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Opinion: Appalachia needs smart Internet policies

By Geary Weir

Executive Director

Webster County Economic Development Authority

The Internet was supposed to level the playing field for geography.  You would be able to work from anywhere as long you had access to a quality high-speed connection.  The promises were boundless as the most rural parts of West Virginia would be opened to global markets.  The great mountains of Appalachia would no longer be a hindrance to growth – but instead serve as a calling card to those who wanted to get away from it all and still be able to be connected at the same time.

 

But the reality is that the only way for the promised land of connectivity to become reality is for even the most rural parts of Appalachia to be connected to broadband Internet at the same levels as downtown Washington D.C.  Today, we have an opportunity to fully deliver on the Internet’s possibilities for connecting Appalachia to the rest of the world. But we can only accomplish this if they get things right in Washington, D.C.

 

The backbone of broadband Internet is still an actual infrastructure of wires, cables and fibers – running along poles.  With each new development that finds the Internet moving faster and faster comes the need for upgrades to that infrastructure and supporting equipment.  And our mountains make that more difficult.

 

Washington has also made the process more difficult in that providers do not have predictability in knowing what the future may hold with constantly changing regulations by the Federal Communications Commission (FCC) being initiated and then sometimes removed.

 

In 2015, under the Obama Administration, the FCC placed broadband under a category of utility regulations that were created in the 1930s. This slowed development in rural areas as providers figured out how to work with the new regulations. Then, under the Trump Administration, the FCC decided to remove the same 1930s-era regulations to move the development of broadband back to how it was naturally coming along before 2015.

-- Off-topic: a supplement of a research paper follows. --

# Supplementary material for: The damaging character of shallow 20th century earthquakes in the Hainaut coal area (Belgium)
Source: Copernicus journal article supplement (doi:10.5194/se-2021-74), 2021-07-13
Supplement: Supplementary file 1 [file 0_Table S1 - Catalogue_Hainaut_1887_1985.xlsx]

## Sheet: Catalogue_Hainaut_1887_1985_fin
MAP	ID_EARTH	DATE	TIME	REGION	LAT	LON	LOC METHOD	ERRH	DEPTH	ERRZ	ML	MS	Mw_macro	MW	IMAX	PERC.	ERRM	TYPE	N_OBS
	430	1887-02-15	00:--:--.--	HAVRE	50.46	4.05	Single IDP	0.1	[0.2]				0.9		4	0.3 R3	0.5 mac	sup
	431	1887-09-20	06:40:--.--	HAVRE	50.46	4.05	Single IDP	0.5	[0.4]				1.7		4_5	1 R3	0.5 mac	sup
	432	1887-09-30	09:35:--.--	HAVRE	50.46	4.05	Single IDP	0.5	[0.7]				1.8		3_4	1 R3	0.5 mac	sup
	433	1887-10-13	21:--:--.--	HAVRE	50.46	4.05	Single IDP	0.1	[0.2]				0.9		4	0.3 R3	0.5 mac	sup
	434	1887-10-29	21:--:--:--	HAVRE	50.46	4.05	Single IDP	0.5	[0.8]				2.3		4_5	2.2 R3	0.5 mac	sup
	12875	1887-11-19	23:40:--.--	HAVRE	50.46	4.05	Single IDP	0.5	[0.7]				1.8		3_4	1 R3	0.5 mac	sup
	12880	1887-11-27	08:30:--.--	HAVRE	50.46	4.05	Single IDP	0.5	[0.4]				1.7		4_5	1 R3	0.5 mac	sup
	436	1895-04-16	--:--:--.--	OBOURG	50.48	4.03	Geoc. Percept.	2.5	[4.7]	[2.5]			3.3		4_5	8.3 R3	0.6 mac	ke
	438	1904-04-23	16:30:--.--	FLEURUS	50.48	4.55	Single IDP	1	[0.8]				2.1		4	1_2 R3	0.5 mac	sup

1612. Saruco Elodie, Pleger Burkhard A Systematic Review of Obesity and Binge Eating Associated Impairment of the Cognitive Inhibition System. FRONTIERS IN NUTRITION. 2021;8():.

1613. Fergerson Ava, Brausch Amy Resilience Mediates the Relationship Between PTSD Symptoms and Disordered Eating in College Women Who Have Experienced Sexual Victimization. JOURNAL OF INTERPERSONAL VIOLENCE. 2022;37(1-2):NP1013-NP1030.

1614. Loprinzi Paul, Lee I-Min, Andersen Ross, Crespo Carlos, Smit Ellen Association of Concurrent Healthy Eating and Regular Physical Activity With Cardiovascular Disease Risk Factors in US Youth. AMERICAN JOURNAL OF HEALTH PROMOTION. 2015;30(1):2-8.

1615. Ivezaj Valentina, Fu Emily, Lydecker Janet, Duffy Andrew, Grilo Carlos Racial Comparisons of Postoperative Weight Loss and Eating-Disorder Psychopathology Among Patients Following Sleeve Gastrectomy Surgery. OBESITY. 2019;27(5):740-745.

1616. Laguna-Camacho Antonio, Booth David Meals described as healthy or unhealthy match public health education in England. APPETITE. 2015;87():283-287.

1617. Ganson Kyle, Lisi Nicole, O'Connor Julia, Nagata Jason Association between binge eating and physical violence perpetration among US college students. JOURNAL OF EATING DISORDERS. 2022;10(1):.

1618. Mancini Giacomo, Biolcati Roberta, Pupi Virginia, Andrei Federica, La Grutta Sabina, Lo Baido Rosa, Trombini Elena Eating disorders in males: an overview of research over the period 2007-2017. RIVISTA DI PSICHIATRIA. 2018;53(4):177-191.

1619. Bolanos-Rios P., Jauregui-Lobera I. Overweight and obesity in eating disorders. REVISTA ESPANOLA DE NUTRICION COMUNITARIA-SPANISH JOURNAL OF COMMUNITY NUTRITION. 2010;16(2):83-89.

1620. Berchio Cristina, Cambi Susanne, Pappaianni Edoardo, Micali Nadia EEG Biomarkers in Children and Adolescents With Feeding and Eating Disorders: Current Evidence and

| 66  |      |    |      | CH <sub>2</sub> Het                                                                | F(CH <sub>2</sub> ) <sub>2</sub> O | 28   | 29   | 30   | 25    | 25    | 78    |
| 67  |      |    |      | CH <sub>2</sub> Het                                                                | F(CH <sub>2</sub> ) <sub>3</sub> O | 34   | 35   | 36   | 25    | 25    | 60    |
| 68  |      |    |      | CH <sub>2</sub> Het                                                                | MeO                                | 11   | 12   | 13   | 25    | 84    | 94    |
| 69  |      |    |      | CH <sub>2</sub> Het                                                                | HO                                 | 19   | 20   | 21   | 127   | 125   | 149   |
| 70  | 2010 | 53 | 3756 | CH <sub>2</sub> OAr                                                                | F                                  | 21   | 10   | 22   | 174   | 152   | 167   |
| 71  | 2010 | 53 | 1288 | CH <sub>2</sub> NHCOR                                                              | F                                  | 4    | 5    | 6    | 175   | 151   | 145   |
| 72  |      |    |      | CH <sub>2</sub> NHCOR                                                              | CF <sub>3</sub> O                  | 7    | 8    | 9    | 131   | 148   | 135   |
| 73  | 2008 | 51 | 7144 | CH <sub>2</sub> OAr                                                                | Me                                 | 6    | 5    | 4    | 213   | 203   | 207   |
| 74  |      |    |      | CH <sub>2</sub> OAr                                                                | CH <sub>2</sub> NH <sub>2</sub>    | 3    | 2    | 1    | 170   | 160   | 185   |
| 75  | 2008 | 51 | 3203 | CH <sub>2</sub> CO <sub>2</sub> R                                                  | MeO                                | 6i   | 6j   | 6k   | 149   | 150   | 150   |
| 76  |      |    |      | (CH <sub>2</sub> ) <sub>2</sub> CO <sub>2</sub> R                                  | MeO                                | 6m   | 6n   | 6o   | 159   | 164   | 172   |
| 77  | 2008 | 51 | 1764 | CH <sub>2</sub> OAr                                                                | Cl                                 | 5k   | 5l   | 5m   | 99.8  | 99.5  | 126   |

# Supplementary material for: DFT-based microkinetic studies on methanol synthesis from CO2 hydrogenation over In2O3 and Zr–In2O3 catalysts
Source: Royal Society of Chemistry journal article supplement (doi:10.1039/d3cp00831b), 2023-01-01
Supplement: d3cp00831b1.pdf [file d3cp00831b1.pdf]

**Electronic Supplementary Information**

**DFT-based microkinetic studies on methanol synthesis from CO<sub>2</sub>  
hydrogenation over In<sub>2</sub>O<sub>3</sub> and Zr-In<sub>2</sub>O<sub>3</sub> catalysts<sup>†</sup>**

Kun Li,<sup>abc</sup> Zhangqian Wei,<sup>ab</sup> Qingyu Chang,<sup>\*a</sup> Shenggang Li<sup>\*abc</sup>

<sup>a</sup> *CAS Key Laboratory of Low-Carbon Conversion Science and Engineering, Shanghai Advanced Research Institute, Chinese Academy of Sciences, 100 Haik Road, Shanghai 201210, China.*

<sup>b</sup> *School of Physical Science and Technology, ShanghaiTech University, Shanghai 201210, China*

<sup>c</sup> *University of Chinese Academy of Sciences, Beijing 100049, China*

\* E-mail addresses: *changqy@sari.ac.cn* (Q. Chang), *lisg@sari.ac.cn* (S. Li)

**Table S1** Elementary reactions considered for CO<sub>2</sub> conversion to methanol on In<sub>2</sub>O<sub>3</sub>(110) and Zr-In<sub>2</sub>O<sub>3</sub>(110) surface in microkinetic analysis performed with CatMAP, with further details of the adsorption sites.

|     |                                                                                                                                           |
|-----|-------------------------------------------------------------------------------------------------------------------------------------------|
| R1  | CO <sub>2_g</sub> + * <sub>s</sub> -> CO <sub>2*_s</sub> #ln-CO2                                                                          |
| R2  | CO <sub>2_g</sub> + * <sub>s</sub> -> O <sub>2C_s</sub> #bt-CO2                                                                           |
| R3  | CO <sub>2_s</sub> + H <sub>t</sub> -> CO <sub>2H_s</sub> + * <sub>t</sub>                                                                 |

This back-and-forth action by the FCC has created long-term uncertainty for broadband internet providers.  Understanding that these same utility-style regulations can come back into play after the next election, investment may continue to be slow because the size of the infrastructure to be developed means projcets can take years to complete – well beyond one administration to another.

 

The regulations were put in place in 2015 to keep the Internet open to those using it.  The argument by some of the largest users (including the video streaming and pornography industries) was that without the utility-style regulation, the Internet would become slower.  In fact, the Internet got faster and faster while more infrastructure was developed leading up until that point.

 

The solution is for Congress to step in with bipartisan legislation that will solve the issue once and for all.  Providers have publicly stated they support an open internet – so all sides can agree that it should be written into law.  By doing so, it will protect users and consumers while giving stability to providers so they can invest in bringing broadband internet to rural areas like West Virginia.

 

Our great state is beyond the precipice of a new economy.  Without smart policies, broadband will become like highways and other infrastructure that came too little and too late to Appalachia.  And then, not only will the promise of the Internet not be fulfilled – but we will continue to see yet another generation leave our wonderful state to live in places where they can be connected.

 

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